Since it is my first time camping and had no clue about anything- from the basics as to what needs to be brought, to all the apparently savvy camping equipment nowadays… Tung Lung Chau is not a threat. Like most of Hong Kong, it provides convenience. There are three port-a-potties and basins with fresh water, roasting areas are pre-designated, signages to help you navigate, and of course, a family-owned convenient store half an hour walk down the campsite.

Here are some images from an amazing weekend.

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Serenity, calmness and fresh air.

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It seems like an ocean away, but some of us actually hiked up that direction. I, on the other hand, stayed on this side and consoled myself by taking an image for memory’s sake.

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What would you give to have this view everyday?

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A rare site in Hong Kong. A photographer or not, who won’t be captivated by this stunning beauty.

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We ended the night barbecue-ing and eating the last bit of dinner treat.

To get here, we took the route from Yau Tong and crossed the sea via a charming, quaint ferry. Round trip transportation cost no more than HK$100 and food (thanks to an amazing chef we had with us) was less than HK$100 as well! Now, if we had more places like Tung Lung Chau, us non-sporty, weak chested people would be spoiled!

And if those weren’t enough to entice, I’ve been saving the best for last…

Creation at its best. Simply Breathtaking, is it not?

Creation at its best. Simply Breathtaking, is it not?

Visit flickr for more updated images soon.

heArt and Design: BBC Design Rules

3, 2, 1… and we’re back!

Not quite an expected beginning, but here’s a quick post, or rather, just a bunch of links for those who are looking to venture into the interior design realm. If you stick to the end, it’s not a doubt you’ll pick up a handful of basic knowledge to get you up and going. Here are the links to BBC Design Rules with Laurence Llewelyn-Bowen.

Episode 1

Episode 2

Episode 3

Episode 4

Episode 5

Episode 6

Hope you gained something from this very quick visit. Cheers to you if you go against the “practical” ways and pursue a career into art and design.. You won’t regret it! For the most part of your life, at least. I kid 😉

Inspiring Interiors: Hotels, Hotels!

How would you see the best of the best hotels without leaving your home? The internet! (Happy (belated) Internaut Day!) To be more precise, please click here -and while you’re at it, why not vote for your favorites? I did!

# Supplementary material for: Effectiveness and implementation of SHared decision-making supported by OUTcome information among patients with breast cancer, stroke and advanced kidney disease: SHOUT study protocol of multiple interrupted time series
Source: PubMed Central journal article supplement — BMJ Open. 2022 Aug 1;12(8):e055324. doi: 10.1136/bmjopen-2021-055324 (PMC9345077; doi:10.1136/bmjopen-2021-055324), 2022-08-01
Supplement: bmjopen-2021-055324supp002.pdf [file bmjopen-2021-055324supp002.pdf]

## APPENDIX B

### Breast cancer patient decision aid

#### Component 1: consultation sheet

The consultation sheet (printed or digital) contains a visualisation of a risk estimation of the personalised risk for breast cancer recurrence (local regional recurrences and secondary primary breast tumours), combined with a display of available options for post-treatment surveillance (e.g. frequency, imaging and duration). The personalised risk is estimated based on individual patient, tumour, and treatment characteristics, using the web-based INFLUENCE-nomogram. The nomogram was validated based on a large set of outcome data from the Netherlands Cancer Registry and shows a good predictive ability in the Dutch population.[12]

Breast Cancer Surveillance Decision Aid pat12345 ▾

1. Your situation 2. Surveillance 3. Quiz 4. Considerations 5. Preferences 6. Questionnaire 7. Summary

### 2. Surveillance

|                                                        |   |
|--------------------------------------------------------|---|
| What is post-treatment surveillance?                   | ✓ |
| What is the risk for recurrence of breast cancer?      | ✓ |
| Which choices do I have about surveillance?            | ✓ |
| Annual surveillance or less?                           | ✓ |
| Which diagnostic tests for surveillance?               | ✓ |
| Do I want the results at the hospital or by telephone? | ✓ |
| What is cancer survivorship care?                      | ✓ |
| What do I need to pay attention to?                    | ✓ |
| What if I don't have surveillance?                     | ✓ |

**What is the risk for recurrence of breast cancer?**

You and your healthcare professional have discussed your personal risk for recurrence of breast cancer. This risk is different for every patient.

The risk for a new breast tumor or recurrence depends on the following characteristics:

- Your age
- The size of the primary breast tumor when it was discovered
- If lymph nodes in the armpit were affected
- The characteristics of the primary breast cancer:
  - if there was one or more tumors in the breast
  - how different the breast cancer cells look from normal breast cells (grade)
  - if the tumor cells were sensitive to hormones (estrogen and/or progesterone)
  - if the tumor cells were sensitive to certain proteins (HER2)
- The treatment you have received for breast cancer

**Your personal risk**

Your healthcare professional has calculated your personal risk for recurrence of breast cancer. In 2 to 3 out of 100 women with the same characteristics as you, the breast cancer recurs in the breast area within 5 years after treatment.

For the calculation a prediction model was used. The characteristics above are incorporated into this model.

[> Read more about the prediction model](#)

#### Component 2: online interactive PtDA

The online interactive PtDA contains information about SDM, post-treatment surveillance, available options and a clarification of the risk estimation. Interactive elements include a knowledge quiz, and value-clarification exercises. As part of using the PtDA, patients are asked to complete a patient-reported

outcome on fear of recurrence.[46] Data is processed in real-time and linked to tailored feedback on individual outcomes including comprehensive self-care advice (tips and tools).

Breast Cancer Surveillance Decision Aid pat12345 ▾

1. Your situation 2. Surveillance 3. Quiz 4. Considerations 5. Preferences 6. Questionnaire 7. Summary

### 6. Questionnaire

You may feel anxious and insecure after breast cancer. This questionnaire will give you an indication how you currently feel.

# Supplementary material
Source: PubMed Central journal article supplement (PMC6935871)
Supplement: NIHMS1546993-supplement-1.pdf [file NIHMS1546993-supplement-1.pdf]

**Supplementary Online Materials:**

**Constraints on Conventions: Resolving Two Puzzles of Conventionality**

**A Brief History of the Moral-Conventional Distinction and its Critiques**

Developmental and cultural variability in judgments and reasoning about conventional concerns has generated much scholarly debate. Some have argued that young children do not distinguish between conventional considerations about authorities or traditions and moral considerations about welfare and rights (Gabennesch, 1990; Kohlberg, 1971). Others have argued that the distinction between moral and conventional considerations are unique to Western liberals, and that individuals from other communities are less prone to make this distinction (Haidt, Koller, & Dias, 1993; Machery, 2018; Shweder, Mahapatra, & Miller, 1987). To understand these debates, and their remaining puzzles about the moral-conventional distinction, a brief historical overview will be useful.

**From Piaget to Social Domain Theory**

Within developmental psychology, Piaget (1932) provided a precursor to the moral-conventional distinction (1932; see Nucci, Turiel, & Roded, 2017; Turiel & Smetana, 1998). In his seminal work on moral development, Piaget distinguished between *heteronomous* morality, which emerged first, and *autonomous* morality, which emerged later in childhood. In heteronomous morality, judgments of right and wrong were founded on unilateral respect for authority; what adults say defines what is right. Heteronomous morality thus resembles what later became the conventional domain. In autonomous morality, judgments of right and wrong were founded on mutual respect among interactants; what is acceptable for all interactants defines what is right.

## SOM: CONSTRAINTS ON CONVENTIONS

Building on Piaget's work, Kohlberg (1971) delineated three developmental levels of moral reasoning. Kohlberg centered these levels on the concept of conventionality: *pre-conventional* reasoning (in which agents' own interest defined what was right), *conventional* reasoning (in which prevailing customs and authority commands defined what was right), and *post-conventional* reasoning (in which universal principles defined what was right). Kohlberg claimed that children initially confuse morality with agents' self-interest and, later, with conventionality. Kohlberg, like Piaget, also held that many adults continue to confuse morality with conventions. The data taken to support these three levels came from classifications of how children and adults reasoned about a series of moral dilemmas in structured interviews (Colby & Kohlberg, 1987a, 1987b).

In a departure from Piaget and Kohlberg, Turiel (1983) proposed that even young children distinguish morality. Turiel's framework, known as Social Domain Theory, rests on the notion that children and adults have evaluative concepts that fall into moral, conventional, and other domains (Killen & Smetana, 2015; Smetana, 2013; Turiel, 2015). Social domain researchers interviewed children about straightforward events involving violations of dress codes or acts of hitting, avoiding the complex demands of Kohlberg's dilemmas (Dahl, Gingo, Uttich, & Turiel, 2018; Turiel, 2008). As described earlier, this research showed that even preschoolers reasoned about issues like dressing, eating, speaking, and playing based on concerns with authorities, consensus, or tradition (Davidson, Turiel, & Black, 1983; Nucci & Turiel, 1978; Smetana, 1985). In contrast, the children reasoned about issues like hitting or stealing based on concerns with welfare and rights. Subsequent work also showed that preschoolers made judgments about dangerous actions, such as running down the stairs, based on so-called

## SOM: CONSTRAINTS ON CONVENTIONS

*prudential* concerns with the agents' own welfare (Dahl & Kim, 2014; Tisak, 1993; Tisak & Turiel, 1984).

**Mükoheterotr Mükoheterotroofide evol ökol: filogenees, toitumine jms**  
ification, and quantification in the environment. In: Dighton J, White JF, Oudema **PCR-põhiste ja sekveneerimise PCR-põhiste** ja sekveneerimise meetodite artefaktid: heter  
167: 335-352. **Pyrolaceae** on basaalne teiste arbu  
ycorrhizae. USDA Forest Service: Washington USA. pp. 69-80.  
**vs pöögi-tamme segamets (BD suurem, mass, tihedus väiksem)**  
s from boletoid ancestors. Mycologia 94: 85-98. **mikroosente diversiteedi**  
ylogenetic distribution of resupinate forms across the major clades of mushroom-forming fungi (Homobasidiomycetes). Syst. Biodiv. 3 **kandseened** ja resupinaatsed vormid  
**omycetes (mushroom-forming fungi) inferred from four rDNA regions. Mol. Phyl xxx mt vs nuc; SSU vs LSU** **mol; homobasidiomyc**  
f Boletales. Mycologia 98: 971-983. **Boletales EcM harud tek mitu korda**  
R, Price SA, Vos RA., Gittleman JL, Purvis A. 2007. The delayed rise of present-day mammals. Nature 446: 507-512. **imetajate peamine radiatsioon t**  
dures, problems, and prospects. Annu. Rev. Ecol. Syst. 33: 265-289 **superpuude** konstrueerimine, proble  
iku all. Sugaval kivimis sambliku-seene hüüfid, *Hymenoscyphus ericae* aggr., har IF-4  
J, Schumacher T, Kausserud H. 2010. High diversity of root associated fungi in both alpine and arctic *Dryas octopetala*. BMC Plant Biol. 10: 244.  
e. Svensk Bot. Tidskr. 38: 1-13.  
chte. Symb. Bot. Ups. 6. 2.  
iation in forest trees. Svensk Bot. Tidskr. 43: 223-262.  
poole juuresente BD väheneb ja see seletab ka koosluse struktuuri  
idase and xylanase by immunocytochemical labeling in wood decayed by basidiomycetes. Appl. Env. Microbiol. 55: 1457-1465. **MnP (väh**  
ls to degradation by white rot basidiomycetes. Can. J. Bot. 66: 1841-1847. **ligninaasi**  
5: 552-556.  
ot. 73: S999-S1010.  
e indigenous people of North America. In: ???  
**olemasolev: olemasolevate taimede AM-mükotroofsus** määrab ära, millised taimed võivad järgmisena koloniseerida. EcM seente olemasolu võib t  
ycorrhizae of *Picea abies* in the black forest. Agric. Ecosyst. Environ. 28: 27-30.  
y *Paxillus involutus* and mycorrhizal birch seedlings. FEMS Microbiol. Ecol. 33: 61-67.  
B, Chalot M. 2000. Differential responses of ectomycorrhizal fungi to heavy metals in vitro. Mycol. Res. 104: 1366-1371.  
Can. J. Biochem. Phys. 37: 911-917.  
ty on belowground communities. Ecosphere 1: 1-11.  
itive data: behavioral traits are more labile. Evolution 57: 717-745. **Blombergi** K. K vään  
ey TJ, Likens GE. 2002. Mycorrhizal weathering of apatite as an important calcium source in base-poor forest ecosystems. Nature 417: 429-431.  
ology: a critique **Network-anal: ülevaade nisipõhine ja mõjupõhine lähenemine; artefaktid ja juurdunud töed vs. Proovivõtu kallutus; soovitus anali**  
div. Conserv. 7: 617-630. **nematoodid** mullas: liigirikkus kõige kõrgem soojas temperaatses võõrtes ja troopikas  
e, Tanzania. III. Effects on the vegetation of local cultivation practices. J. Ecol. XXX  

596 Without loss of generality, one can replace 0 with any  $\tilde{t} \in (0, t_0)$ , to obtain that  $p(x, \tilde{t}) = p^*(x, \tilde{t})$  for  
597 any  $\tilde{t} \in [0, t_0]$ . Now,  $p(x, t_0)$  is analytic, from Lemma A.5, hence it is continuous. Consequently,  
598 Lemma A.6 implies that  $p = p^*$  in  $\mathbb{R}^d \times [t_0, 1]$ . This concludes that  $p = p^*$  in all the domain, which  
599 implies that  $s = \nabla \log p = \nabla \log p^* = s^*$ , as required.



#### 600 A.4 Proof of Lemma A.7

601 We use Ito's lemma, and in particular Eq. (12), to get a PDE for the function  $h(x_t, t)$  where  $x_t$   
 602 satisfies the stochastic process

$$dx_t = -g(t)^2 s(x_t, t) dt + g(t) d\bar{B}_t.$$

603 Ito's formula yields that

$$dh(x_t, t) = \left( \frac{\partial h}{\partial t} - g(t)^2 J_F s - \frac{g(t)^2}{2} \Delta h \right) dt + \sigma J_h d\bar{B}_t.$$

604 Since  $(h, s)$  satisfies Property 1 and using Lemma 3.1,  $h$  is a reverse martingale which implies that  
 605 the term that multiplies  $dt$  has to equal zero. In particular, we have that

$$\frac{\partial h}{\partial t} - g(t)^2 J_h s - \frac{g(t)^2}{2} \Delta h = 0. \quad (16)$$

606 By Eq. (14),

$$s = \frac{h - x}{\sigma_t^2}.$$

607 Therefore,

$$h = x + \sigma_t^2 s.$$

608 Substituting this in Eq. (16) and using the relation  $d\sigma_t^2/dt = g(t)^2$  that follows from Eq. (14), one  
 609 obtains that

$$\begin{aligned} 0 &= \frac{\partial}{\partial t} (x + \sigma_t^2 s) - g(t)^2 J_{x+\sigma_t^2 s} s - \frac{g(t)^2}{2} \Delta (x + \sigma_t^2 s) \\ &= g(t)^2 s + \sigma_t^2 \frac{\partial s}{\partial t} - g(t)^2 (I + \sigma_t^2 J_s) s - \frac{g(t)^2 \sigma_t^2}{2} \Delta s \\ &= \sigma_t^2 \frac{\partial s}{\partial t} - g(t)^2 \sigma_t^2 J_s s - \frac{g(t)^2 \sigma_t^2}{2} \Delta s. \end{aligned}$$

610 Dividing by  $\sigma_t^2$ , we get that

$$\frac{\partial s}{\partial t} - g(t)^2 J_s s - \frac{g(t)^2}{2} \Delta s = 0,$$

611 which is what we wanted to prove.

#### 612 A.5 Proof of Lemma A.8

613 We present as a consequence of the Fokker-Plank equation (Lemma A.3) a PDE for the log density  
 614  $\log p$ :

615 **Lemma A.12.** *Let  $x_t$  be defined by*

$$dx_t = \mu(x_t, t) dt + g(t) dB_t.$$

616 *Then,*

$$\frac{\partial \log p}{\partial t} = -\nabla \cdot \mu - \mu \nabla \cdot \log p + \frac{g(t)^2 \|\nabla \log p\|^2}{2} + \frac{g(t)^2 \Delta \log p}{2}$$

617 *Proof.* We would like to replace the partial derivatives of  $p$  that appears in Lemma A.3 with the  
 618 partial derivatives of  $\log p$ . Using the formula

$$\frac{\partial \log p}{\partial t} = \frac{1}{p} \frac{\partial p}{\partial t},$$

This will be a quick post, but it won’t leave you hanging for nothing. Below are a few eye-popping interiors to inspire you for the rest of the week(end). Don’t forget to read the description bar on the website to know more details how these thoughtful designs came to be.

Beauties like these seem too good to be true, does it not? ❤

Four Seasons Hotel, Guangzhou, China - Hirsch Bedner Associates

Four Seasons Hotel, Guangzhou, China – Hirsch Bedner Associates

Jing-Ang Shangri-La Hotel, Shanghai, China - Hirsch Bedner Associates

Jing-Ang Shangri-La Hotel, Shanghai, China – Hirsch Bedner Associates

Jing-Ang Shangri-La Hotel, Shanghai, China - Hirsch Bedner Associates

Jing-Ang Shangri-La Hotel, Shanghai, China – Hirsch Bedner Associates

South Place Hotel, London - Conrad + Partners

South Place Hotel, London – Conrad + Partners

Macalister Mansion, Malaysia - Ministry of Design

Macalister Mansion, Malaysia – Ministry of Design

Jumeirah Vittaveli Hotel, Maldives - Hirsch Bedner Associates

Jumeirah Vittaveli Hotel, Maldives – Hirsch Bedner Associates

The Churchill Bar, London - Bespoke London

The Churchill Bar, London – Bespoke London

Happy Saturday! (Vote now!) 🙂

Friday Frolics: Wan Chai Art Distict

My friends and I took a stroll around Wan Chai last month (not that side of Wan Chai, by the way), this little district is filled with quirky, vintage stores that one could easily keep you coming back. If only I had loads of money to spend, I am sure I would have walked away with bags and bags of collectible antiquities. Another friend actually took me here months ago and as soon as the area sunk into me, I felt right at home. None of the items there belonged to my past but they were reminders of it. It’s the classic irony I am sure we all share somehow, someway. Plus, an artsy fartsy would not be able to help it, the facades of some store really speak about the interior character in one snap! Take for example my two favorites below: